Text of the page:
lilactown04:08:23

@samarthkishor1 I think that is a typo on the instapaper docs

lilactown04:08:35

have you tried normal oauth?

soulflyer09:08:51

Hi, I could do with a clue as to what is going on here. I'm trying to automate the title field of a ring-swagger setup. So far I have been hand editing the title so that my dev version carries a different title to the production version that I have running in the background. This is the start of the swagger services definition in ...routes.services.clj

(defapi service-routes
  {:swagger {:ui "/swagger-ui"
             :spec "/swagger.json"
             :data
             {:info
              {:version "1.0.1"
               ;; Switch to correct title before lein uberjar
               ;; TODO Automate this so swagger page always shows dev or prod version
               ;;:title "Photo API"
               :title (:title env)
               :description "Access a mongo database containing details of photos"}}}}
I have added an extra field, :title to the env setup provided by the luminus scaffolding. It all works fine from the repl in the ..routes.services namespace. I can see my new :title field by doing (:title env) at the repl prompt. However the swagger front page just shows Null for the title. Providing it with a string as per the commented out line above the :title (:title env) shows the string as expected. Am I doing something stupid here?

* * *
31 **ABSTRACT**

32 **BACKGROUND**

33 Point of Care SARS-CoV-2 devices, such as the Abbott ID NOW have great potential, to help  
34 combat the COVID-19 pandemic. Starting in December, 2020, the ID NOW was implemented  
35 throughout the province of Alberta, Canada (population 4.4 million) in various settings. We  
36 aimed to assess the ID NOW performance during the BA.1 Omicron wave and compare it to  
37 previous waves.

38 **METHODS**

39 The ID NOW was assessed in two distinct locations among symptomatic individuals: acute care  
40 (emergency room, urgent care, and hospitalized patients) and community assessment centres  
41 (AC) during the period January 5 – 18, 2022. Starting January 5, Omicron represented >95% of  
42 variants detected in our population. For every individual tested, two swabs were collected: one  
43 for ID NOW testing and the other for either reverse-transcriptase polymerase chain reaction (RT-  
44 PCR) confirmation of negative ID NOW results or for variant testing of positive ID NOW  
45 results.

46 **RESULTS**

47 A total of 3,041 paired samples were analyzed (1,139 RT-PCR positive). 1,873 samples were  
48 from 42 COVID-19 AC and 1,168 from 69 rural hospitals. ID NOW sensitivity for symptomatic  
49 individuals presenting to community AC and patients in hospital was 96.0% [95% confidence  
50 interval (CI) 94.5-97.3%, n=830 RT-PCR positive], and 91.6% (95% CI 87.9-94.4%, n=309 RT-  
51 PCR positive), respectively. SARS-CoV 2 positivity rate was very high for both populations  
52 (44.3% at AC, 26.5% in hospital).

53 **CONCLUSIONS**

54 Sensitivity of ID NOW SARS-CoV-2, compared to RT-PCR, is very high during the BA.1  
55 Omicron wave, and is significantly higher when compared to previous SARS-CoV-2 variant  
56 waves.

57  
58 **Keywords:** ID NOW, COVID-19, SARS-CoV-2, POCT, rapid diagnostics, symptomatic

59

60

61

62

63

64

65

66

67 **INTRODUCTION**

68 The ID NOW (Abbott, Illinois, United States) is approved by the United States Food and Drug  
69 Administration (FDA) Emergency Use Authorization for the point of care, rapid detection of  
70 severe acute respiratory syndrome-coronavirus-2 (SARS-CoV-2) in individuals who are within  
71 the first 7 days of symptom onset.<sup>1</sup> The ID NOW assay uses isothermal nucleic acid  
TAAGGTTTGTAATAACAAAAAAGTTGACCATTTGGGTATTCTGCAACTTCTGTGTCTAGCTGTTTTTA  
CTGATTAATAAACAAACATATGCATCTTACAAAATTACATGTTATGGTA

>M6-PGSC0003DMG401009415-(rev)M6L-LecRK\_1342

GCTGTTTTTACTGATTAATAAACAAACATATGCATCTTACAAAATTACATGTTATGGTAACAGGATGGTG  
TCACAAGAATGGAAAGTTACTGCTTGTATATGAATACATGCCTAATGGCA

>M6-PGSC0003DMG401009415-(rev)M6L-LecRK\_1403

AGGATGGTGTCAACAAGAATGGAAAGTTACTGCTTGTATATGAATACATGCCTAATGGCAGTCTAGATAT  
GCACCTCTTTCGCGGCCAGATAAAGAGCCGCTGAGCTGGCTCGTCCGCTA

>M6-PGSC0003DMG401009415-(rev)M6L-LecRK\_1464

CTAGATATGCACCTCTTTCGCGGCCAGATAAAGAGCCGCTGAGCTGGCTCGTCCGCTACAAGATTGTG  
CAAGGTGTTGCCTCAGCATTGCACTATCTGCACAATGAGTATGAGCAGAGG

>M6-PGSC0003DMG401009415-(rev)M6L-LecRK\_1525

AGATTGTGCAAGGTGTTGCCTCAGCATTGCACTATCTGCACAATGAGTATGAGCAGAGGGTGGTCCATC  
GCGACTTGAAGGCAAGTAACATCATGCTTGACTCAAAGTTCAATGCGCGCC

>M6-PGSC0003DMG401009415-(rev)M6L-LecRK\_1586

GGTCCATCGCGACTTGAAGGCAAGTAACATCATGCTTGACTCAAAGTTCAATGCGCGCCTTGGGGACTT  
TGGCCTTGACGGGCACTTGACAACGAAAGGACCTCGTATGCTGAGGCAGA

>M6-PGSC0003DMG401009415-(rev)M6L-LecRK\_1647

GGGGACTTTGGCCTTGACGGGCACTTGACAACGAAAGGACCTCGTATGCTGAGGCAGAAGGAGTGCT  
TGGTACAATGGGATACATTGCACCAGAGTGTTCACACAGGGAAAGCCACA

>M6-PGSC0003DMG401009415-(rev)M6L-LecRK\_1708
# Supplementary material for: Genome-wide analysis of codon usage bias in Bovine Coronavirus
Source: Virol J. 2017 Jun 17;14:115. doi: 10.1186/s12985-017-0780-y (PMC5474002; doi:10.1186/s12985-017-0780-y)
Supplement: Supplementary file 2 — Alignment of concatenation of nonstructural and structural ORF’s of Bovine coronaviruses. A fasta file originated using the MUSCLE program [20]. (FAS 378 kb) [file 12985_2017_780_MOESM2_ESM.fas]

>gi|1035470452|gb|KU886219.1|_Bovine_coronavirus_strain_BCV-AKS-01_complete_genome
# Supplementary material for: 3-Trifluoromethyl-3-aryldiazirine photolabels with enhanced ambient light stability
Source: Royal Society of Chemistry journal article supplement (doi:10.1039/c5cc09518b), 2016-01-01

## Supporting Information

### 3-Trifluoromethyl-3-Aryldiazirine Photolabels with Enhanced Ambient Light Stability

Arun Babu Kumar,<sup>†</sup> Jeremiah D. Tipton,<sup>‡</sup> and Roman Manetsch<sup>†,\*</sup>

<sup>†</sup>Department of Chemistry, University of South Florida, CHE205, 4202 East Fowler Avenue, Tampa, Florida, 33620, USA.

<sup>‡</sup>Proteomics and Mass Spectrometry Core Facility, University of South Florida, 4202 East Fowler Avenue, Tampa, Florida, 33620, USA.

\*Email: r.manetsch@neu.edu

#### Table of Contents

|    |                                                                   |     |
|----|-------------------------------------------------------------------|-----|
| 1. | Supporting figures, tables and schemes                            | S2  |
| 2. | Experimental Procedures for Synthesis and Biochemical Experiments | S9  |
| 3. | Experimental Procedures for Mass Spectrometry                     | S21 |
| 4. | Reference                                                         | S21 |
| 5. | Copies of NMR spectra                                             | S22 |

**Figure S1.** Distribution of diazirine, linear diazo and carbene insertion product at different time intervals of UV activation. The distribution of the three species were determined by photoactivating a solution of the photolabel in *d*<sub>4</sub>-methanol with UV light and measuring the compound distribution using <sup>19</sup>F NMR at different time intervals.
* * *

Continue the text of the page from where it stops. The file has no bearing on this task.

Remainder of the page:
vale09:08:10

that sounds like what i had when i didn't mount/start the env component

soulflyer10:08:34

It's getting started, the env info shows up fine in the repl, and the port number the server gets started on comes from env too.

pez09:08:40

This is awesome! An Animated Introduction to Clojure https://ourcodestories.com/markm208/Playlist/4/

iagwanderson12:08:07

Cool! Very helpful

kwcharllie37910:08:10

Hi all! Is there some easy way to take always 3 elements from the channel no less no more?

kwcharllie37910:08:16

Or to process the channel in the way that 3 elements are grouped to the sequence. Now I'm trying to achieve it with atoms but I'm looking for more idiomatic way 🙂

jaihindh.reddy10:08:16

(partition-all 3) is the transducer you're looking for.

jaihindh.reddy10:08:29

But the last partition may contain fewer items

forrest.akin11:08:36

Howdy! Over the past year or two I’ve been learning about functional patterns and loving them in JavaScript land. Recently started reading The Joy of Clojure and gotta say it’s up there with some of the most exciting programming books I’ve read, so super excited to be learning my first functional language! Any companion material to JoC you guys would recommend to a Clojure/FP n00b?

vale11:08:08

i really enjoyed working through clojure for the brave and true

soulflyer11:08:12

Joy of clojure is pretty much jumping in the deep end. I wouldn't recommend it as a first book. I quite liked "Programming Clojure" and "Clojure Programming". Also "Web Development with CLojure"

iagwanderson11:08:41

do you think is worth to learn Common Lisp or other lisp dialects to help with clojure (and FP in general)?

jonahbenton15:08:00